marnold
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Start anew. As Eric suggested, I've got a separate /home, /boot, and /mp3s partitions so I don't have to reformat those bits for a new OS. I know it's possible to upgrade, but I think the nuke and reinstall method is a bit more foolproof.
 
Old 10-04-2006, 09:48 AM   #5
raska
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Quote:
Originally Posted by moob8
...Which is better: delete everything and reinstall from scratch or instead use upgradpkg to install/upgrade everything on the CDs into the existing linux?
Likely I would format and reinstall from scratch ... wait ... I already did that! It's the safest route
 
Old 10-04-2006, 11:31 AM   #6
uselpa
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My first version of Slackware was 10.0. after which I upgraded to 10.1 and then 10.2... always following Pat's instructions in UPGRADE.TXT, never had a problem. Until now I've found that to be very useful and informative - but I have never upgraded from one major version to another.

Is upgrading from 10.2 to 11.0, without re-installing from scratch, really going to be troublesome? Has anybody really tried it?
 
Old 10-04-2006, 02:03 PM   #7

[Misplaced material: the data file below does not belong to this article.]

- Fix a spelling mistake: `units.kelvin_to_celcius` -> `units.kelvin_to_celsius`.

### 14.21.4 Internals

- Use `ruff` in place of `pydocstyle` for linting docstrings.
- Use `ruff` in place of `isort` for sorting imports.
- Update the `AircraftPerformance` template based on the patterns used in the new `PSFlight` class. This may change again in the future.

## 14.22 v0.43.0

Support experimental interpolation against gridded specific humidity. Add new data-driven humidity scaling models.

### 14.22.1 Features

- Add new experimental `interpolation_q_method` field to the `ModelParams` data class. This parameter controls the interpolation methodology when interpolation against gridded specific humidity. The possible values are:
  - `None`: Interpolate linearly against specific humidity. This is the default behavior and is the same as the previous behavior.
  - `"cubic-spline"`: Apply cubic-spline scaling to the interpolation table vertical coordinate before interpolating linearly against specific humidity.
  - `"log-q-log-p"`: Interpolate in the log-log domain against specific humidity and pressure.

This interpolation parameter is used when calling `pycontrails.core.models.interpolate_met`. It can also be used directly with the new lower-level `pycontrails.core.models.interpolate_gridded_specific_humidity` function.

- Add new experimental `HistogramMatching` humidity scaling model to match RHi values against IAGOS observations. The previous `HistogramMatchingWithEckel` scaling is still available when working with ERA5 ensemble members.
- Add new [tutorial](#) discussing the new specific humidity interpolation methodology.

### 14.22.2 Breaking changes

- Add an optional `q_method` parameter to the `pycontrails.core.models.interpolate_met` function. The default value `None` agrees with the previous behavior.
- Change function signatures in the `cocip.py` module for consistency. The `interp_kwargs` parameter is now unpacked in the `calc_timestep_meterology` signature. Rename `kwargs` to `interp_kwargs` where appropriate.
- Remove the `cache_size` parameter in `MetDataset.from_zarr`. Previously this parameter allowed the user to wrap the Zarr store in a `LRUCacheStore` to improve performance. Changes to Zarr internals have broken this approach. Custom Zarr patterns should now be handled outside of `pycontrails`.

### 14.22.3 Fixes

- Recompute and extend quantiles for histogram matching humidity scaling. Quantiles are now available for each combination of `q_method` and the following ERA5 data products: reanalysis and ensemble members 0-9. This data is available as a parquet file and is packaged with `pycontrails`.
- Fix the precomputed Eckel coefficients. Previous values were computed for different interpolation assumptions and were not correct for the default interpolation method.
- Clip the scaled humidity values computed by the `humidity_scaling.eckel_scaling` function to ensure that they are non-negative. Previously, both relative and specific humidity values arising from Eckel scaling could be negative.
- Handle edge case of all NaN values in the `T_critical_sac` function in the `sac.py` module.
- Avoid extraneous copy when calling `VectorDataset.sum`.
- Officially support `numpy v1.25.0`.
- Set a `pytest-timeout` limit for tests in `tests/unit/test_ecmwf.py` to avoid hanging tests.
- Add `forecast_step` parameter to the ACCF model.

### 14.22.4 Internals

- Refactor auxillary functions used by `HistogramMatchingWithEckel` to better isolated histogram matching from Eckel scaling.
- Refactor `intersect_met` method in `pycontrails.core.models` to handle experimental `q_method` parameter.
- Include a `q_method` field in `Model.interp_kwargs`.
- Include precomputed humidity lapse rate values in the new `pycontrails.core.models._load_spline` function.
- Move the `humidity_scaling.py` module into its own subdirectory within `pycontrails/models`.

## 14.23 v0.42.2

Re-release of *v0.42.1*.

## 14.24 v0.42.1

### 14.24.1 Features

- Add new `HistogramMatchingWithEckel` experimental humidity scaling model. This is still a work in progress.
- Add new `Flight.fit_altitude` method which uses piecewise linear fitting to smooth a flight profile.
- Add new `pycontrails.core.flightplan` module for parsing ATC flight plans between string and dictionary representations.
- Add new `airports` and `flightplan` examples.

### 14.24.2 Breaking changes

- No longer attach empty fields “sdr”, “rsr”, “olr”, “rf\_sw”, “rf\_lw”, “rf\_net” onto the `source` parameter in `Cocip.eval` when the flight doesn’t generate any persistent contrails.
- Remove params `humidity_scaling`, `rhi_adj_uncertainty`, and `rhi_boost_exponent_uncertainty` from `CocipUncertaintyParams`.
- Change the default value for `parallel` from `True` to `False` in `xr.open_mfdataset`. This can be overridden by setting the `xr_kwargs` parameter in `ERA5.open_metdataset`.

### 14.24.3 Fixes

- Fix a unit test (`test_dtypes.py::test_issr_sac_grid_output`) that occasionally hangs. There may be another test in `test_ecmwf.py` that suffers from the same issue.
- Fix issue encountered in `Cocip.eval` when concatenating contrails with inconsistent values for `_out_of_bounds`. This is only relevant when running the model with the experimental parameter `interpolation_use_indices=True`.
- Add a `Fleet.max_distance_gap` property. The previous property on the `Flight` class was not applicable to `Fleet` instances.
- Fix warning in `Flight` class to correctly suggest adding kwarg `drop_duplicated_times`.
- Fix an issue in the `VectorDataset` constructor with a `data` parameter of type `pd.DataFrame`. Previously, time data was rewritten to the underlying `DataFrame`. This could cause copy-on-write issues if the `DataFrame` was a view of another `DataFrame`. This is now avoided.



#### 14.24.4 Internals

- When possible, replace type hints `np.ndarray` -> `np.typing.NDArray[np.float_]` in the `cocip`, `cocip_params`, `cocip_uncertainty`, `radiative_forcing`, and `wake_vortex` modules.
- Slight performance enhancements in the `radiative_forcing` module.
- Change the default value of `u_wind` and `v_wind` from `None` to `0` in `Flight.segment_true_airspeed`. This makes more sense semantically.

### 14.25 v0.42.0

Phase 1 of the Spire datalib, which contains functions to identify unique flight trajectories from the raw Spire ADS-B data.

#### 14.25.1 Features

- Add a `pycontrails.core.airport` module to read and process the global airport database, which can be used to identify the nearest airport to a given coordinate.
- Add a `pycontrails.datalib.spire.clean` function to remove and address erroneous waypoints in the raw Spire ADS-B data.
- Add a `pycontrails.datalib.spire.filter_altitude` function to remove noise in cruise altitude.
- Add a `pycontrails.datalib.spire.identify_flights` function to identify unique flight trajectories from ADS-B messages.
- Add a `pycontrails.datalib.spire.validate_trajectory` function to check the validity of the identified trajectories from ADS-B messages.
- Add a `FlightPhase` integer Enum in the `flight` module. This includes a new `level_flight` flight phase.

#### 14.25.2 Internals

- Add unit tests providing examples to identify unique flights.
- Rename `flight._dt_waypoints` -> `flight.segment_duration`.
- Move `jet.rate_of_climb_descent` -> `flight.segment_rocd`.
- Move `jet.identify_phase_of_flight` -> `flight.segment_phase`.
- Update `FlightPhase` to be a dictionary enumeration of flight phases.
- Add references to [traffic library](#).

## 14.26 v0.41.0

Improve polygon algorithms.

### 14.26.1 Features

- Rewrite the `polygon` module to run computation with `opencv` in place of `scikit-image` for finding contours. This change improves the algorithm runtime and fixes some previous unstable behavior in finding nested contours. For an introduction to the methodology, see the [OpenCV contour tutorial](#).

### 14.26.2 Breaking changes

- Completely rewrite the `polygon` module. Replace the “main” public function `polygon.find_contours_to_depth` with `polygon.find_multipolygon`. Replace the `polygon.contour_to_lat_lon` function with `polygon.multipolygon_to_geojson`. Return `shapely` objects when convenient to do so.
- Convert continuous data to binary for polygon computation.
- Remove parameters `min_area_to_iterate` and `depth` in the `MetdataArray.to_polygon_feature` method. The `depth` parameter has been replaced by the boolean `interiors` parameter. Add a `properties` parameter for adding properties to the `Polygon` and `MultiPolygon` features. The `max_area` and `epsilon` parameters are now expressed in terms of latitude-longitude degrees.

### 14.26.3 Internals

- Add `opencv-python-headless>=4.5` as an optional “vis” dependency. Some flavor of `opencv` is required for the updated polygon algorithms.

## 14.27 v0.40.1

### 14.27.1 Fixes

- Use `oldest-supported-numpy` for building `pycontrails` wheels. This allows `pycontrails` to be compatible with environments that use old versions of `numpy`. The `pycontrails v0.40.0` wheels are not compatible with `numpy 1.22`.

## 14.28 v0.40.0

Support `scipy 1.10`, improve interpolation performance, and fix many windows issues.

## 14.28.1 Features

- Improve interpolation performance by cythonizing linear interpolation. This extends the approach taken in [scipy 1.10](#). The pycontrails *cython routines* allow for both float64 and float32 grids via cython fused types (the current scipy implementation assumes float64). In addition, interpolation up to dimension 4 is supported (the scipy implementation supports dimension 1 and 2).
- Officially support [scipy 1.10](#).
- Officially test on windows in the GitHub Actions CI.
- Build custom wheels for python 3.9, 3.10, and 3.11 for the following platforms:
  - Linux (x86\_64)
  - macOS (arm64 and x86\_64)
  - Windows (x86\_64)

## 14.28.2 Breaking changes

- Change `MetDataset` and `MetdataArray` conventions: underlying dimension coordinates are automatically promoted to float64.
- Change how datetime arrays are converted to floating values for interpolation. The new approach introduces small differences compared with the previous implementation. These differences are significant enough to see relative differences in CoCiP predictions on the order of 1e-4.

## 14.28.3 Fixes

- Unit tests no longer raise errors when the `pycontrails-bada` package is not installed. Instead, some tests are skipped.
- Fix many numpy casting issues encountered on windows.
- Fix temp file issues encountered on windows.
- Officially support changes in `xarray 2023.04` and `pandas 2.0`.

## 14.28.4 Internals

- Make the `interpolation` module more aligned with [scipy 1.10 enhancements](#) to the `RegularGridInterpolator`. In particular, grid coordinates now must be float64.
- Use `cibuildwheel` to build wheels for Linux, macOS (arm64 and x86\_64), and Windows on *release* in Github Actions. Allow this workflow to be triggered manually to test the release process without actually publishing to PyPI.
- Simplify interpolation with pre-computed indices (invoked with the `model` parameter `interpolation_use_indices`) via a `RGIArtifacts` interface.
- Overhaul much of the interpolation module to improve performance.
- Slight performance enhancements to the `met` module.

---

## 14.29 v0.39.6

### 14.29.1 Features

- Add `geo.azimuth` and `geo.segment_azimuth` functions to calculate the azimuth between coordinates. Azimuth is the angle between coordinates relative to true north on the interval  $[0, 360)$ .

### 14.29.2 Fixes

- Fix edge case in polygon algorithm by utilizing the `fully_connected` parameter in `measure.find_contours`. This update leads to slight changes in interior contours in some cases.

tzbishop
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I have 10.2 installed and I am downloading 11. I am making some backups of /home and I will install 11 from scratch.

There has been a lot of changes in Slackware 11 and if you take a look at the forums, people that upgraded from 10.x to 11 are having a lot of problems.
 
Old 10-04-2006, 02:05 PM   #8
gbonvehi
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Quote:
Originally Posted by tzbishop
There has been a lot of changes in Slackware 11 and if you take a look at the forums, people that upgraded from 10.x to 11 are having a lot of problems.
Well, I (and I know more people) went always with -current and don't have problems. I've used UPGRADE.txt instructions before without problems too. You just have to read carefully...
 
Old 10-04-2006, 02:42 PM   #9
dunric